Euro slides further on record negative bond yields

A cashier counts euro banknotes in Vilnius, Lithuania.
Ints Kalnins | Reuters

The euro extended its unrelenting fall on Wednesday, dropping more than 1 percent to below $1.06 for the first time in 12 years as the European Central Bank's 1.1 trillion bond-buying program hammered the region's bond yields to record negative levels.

The single currency has declined 12 percent since January and is about 5 percent from parity against the greenback, Reuters data showed. It last traded at $1.0550 against the dollar.

"It could easily reach parity in the short term,'' said Athanasios Vamvakidis, head of European G10 foreign exchange strategy at Bank of America Merrill Lynch in London.

The euro fell against other major currencies. It struck a seven-year low against sterling at 70.145 pence and an 18-month low of 128.17 yen. It last traded at 70.60 pence against the British pound.

The ECB on Monday began buying sovereign bonds to try to boost growth and inflation in the euro zone, sending yields on the debt of nearly all its countries to record lows and driving investors away from the euro.

German two-year Schatz yields fell to a record low of minus 0.241 percent, while French two-year yields hit a low of minus 0.149 percent.

"You have very weak yields in the euro zone,'' said Charles St. Arnaud, currency strategist at Nomura Securities International in New York. "People are selling euro fixed-income assets to diversify away from the euro.''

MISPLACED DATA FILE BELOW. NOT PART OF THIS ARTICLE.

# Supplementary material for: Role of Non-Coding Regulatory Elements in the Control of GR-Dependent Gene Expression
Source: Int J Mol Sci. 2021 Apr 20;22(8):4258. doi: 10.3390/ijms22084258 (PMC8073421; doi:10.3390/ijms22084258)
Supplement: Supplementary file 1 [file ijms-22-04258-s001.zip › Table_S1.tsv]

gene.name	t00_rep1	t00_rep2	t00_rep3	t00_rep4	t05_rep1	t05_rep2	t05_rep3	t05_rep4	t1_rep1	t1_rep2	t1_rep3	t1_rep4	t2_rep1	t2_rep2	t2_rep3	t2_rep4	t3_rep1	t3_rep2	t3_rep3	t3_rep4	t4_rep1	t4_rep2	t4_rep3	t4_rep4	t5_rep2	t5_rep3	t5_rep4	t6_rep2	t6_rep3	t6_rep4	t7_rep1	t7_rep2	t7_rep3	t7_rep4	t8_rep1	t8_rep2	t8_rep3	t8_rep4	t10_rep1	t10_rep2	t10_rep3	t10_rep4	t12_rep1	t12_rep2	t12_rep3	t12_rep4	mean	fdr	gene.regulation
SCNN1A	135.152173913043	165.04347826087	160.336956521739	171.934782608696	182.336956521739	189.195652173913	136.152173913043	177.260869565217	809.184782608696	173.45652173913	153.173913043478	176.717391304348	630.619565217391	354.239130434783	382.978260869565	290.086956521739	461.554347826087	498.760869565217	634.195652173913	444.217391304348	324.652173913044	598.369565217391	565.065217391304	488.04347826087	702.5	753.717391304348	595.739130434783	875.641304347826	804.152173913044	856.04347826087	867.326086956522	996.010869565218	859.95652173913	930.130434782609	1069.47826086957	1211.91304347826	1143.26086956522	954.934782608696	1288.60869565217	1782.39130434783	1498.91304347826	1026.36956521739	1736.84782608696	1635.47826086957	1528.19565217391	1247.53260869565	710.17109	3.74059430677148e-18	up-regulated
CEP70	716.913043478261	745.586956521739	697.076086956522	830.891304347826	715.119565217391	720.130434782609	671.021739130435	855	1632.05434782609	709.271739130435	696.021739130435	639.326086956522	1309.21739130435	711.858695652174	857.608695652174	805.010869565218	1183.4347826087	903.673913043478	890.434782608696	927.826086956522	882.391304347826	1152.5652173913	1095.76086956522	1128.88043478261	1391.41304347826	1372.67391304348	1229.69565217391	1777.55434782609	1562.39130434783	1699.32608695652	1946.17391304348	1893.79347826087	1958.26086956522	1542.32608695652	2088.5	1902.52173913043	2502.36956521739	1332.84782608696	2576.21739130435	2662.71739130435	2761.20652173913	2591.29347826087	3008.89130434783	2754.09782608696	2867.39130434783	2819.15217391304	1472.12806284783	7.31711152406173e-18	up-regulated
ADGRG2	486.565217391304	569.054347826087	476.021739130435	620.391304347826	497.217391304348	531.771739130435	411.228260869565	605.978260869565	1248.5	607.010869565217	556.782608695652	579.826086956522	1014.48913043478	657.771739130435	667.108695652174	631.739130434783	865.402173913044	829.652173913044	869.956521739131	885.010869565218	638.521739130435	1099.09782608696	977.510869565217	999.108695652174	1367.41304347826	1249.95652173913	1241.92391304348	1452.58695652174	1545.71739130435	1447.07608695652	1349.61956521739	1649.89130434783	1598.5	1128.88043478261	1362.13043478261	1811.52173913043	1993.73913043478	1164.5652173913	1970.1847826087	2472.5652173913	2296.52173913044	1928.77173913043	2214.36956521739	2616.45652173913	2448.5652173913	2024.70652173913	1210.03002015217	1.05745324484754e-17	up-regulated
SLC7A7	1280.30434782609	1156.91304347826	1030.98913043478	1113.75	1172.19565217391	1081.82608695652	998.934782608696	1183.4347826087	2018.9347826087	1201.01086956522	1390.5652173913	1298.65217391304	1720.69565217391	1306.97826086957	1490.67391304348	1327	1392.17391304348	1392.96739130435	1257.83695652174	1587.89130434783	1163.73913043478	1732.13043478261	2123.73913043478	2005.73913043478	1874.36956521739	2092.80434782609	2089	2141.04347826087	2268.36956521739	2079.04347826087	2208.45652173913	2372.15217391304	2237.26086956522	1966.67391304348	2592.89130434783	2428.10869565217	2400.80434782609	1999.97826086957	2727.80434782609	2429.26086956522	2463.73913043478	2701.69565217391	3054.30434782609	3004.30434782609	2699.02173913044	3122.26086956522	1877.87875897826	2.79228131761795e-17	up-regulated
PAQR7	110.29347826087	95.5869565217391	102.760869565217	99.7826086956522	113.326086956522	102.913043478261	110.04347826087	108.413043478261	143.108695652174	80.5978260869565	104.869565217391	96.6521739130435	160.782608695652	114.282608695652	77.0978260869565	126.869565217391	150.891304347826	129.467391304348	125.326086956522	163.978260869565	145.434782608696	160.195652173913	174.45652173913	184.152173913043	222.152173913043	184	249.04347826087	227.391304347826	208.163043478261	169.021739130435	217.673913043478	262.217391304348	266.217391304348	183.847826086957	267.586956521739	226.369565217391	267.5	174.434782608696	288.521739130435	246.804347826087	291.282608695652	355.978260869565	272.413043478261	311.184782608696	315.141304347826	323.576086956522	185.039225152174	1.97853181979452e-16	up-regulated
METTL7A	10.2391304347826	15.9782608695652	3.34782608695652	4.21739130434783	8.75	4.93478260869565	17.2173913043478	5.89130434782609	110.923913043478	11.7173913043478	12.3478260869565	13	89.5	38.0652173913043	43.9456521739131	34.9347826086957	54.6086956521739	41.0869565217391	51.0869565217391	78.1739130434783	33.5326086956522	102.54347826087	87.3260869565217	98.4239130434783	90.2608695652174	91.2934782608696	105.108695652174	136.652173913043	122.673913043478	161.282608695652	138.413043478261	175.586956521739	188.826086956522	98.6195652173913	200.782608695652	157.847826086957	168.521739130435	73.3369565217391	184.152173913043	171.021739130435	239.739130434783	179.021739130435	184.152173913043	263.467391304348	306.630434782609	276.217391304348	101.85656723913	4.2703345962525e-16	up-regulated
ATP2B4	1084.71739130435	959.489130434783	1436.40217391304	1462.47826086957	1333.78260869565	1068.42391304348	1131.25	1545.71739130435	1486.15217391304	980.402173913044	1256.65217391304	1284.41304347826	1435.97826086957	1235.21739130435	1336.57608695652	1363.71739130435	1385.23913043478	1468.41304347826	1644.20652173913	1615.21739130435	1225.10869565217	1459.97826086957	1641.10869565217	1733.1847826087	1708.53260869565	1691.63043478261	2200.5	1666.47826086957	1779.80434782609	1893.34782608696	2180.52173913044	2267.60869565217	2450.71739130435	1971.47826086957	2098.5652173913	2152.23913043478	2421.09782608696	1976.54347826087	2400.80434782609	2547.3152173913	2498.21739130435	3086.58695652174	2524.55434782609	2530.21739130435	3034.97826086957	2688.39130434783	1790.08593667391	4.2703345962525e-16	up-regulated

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On pace for its worst quarter on record, the euro slid to a near 12-year low of $1.0509 on Wednesday in U.S. trading. It was down 1.45 percent on the day at $1.0541, according to Reuters data.

About a third of the euro's fall this year has come since Friday, when a stronger-than-expected U.S. jobs report fueled speculation that the U.S. Federal Reserve could raise interest rates as soon as mid-2015.

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The U.S. central bank has scheduled a two-day policy meeting next week, when analysts expect it to drop "patient" from its policy statement to signal it is preparing to raise rates.

Expectations that the Fed will end its near-zero rate policy amid a tightening labor market propelled the greenback to a 7-1/2-year high against the yen on Tuesday of 122.04. It was last trading at 121.45 yen.

The dollar last climbed about 1.15 percent to a 12-year high of 99.76 against a basket of major currencies.

The greenback rose 1 percent to trade above 7.00 Danish crowns for the first time since 2003. It also gained 1 percent at 8.1611 Norwegian crowns, its highest since mid-2002.

Sterling traded as low as $1.4929, almost 1 percent and more than a cent lower on the day.